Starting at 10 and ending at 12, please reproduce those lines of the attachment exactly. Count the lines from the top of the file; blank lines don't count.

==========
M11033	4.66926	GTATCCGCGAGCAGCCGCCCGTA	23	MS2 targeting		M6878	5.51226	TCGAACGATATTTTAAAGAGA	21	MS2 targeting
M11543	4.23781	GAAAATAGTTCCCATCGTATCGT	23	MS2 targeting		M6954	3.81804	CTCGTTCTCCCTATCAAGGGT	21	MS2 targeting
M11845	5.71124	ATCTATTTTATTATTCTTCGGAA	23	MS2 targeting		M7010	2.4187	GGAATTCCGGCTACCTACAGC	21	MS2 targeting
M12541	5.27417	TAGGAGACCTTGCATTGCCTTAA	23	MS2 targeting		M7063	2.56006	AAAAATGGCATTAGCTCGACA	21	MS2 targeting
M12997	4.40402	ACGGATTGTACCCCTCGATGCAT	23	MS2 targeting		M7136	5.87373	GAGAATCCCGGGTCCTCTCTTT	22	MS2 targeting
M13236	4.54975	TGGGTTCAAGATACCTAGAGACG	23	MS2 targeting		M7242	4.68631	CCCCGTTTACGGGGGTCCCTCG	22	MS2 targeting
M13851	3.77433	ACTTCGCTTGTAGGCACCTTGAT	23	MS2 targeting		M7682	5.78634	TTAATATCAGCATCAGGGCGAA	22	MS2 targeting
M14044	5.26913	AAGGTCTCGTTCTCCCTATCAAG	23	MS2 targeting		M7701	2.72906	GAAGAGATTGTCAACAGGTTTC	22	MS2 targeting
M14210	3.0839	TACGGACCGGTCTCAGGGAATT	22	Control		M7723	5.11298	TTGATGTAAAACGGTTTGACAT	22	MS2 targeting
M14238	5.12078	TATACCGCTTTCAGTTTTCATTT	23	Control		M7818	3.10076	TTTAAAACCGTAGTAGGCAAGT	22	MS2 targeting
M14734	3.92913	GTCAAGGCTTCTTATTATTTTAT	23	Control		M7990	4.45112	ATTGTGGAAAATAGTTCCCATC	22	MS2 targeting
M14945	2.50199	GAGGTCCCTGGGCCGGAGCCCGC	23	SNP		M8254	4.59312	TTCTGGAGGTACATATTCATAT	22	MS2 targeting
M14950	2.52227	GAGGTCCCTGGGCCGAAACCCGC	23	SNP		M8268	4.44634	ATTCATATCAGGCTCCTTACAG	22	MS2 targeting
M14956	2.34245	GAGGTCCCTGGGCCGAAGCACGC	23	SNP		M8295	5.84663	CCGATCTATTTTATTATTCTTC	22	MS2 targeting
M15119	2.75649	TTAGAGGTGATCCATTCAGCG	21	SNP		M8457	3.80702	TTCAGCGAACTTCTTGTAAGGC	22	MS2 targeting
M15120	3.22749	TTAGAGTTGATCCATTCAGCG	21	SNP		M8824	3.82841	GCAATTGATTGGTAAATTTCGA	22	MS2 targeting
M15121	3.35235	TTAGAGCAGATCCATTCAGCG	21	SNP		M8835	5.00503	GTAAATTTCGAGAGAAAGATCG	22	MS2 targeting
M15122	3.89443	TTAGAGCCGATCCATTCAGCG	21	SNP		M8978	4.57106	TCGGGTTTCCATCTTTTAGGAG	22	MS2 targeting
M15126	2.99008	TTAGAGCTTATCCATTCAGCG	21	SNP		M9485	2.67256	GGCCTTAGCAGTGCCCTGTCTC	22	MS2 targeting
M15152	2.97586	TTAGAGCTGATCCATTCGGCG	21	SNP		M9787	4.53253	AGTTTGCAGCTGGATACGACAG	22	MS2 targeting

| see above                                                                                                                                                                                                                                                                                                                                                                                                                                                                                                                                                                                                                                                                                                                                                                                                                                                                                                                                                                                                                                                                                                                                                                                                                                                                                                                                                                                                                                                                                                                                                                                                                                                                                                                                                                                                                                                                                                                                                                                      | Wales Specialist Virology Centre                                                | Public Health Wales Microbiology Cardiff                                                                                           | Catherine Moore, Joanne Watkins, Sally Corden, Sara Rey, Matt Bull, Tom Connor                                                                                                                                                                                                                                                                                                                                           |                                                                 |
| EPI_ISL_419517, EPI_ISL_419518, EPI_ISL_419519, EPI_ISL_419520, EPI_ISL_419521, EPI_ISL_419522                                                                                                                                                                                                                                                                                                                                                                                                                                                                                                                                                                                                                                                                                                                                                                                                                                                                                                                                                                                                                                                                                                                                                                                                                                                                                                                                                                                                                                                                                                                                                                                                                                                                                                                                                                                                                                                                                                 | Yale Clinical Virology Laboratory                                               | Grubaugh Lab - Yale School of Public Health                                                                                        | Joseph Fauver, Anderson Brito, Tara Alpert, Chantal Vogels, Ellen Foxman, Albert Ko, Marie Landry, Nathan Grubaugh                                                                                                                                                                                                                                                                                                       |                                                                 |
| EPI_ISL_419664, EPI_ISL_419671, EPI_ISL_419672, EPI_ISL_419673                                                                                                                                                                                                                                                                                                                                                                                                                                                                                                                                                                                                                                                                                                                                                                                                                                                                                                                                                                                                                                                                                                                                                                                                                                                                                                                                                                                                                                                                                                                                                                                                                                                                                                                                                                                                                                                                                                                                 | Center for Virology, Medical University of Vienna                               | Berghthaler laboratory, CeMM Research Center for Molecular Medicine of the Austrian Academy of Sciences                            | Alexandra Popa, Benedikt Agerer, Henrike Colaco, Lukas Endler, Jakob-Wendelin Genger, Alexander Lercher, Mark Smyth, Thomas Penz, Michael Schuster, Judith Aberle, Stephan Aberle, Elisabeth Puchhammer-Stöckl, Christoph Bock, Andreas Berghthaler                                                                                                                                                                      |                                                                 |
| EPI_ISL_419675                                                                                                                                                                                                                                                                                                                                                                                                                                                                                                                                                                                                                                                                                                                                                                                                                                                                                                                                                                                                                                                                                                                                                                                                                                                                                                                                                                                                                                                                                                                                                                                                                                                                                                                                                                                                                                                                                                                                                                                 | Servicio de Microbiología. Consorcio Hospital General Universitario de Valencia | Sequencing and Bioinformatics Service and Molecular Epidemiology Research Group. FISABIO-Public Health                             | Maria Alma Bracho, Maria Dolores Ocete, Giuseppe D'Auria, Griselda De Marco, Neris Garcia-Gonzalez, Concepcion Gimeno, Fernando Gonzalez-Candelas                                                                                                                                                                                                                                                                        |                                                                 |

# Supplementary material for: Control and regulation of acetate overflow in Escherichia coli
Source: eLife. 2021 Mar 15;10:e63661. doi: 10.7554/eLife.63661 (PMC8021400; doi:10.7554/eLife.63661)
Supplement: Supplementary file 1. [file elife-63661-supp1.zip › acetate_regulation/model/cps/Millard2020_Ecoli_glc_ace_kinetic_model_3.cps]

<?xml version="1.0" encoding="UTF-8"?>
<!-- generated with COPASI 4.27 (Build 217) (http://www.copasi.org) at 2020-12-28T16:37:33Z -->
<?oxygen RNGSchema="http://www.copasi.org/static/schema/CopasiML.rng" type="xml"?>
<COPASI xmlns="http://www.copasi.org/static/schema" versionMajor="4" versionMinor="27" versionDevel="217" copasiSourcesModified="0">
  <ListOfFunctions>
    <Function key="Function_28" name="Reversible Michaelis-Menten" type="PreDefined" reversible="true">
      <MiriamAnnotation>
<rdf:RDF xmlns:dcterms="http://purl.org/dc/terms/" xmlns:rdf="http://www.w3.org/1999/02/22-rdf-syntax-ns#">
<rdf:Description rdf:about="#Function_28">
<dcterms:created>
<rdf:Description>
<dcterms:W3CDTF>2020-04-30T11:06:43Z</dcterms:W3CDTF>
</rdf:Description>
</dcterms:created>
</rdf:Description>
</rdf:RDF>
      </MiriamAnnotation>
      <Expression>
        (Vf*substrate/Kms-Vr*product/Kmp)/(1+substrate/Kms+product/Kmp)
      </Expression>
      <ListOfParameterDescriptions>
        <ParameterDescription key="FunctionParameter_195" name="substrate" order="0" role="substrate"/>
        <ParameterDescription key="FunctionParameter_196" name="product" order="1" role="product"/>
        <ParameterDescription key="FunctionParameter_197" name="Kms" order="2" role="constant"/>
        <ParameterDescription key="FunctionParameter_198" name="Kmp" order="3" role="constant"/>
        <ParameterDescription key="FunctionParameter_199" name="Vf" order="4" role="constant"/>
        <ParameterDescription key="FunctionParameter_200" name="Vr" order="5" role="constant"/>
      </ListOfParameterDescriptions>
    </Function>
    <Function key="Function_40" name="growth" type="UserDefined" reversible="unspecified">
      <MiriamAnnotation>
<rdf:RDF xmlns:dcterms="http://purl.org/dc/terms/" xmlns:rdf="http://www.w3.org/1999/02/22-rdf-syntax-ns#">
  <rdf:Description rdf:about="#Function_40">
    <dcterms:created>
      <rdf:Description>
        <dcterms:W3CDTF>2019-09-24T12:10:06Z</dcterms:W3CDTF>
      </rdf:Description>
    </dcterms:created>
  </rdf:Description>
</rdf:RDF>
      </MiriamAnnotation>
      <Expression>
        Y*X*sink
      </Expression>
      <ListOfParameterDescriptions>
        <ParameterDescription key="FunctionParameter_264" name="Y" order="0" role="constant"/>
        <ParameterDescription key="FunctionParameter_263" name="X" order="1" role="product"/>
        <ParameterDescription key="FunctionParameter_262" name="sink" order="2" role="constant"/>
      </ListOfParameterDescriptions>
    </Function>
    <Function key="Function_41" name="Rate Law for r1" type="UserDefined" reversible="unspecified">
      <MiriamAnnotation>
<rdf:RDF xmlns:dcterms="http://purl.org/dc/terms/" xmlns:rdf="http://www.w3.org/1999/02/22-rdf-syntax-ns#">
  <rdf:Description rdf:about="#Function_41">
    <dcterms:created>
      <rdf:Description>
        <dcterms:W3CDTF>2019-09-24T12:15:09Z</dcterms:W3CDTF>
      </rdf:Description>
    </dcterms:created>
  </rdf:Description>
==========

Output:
M14238	5.12078	TATACCGCTTTCAGTTTTCATTT	23	Control		M7818	3.10076	TTTAAAACCGTAGTAGGCAAGT	22	MS2 targeting
M14734	3.92913	GTCAAGGCTTCTTATTATTTTAT	23	Control		M7990	4.45112	ATTGTGGAAAATAGTTCCCATC	22	MS2 targeting
M14945	2.50199	GAGGTCCCTGGGCCGGAGCCCGC	23	SNP		M8254	4.59312	TTCTGGAGGTACATATTCATAT	22	MS2 targeting